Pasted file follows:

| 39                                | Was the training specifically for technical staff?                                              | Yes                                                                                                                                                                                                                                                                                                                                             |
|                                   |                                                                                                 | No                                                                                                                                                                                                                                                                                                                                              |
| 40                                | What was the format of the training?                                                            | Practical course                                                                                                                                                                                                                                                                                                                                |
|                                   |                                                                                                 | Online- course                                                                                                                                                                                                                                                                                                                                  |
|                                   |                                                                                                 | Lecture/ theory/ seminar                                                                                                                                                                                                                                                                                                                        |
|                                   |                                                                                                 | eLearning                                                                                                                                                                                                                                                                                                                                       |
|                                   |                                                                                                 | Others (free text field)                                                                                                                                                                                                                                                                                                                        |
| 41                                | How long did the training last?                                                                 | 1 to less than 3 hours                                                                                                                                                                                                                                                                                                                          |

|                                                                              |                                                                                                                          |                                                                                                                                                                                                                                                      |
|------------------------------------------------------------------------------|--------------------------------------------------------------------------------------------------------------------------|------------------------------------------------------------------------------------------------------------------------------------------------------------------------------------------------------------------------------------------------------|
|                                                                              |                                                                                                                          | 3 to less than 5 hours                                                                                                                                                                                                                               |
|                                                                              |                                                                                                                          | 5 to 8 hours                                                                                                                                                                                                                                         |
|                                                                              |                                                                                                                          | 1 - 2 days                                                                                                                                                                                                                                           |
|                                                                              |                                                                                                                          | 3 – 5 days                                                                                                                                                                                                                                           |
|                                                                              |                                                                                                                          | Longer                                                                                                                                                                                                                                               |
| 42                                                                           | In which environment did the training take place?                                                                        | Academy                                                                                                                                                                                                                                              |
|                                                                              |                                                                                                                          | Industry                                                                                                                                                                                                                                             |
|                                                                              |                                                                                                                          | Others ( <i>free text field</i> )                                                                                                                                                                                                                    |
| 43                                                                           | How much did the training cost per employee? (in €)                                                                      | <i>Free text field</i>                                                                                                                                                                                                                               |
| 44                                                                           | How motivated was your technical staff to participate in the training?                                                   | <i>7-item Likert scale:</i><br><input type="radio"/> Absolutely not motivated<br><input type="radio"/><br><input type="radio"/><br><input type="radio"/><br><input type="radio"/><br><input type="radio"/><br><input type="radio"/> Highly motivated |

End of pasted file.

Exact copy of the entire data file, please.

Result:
| 39                                | Was the training specifically for technical staff?                                              | Yes                                                                                                                                                                                                                                                                                                                                             |
|                                   |                                                                                                 | No                                                                                                                                                                                                                                                                                                                                              |
| 40                                | What was the format of the training?                                                            | Practical course                                                                                                                                                                                                                                                                                                                                |
|                                   |                                                                                                 | Online- course                                                                                                                                                                                                                                                                                                                                  |
|                                   |                                                                                                 | Lecture/ theory/ seminar                                                                                                                                                                                                                                                                                                                        |
|                                   |                                                                                                 | eLearning                                                                                                                                                                                                                                                                                                                                       |
|                                   |                                                                                                 | Others (free text field)                                                                                                                                                                                                                                                                                                                        |
| 41                                | How long did the training last?                                                                 | 1 to less than 3 hours                                                                                                                                                                                                                                                                                                                          |

|                                                                              |                                                                                                                          |                                                                                                                                                                                                                                                      |
|------------------------------------------------------------------------------|--------------------------------------------------------------------------------------------------------------------------|------------------------------------------------------------------------------------------------------------------------------------------------------------------------------------------------------------------------------------------------------|
|                                                                              |                                                                                                                          | 3 to less than 5 hours                                                                                                                                                                                                                               |
|                                                                              |                                                                                                                          | 5 to 8 hours                                                                                                                                                                                                                                         |
|                                                                              |                                                                                                                          | 1 - 2 days                                                                                                                                                                                                                                           |
|                                                                              |                                                                                                                          | 3 – 5 days                                                                                                                                                                                                                                           |
|                                                                              |                                                                                                                          | Longer                                                                                                                                                                                                                                               |
| 42                                                                           | In which environment did the training take place?                                                                        | Academy                                                                                                                                                                                                                                              |
|                                                                              |                                                                                                                          | Industry                                                                                                                                                                                                                                             |
|                                                                              |                                                                                                                          | Others ( <i>free text field</i> )                                                                                                                                                                                                                    |
| 43                                                                           | How much did the training cost per employee? (in €)                                                                      | <i>Free text field</i>                                                                                                                                                                                                                               |
| 44                                                                           | How motivated was your technical staff to participate in the training?                                                   | <i>7-item Likert scale:</i><br><input type="radio"/> Absolutely not motivated<br><input type="radio"/><br><input type="radio"/><br><input type="radio"/><br><input type="radio"/><br><input type="radio"/><br><input type="radio"/> Highly motivated |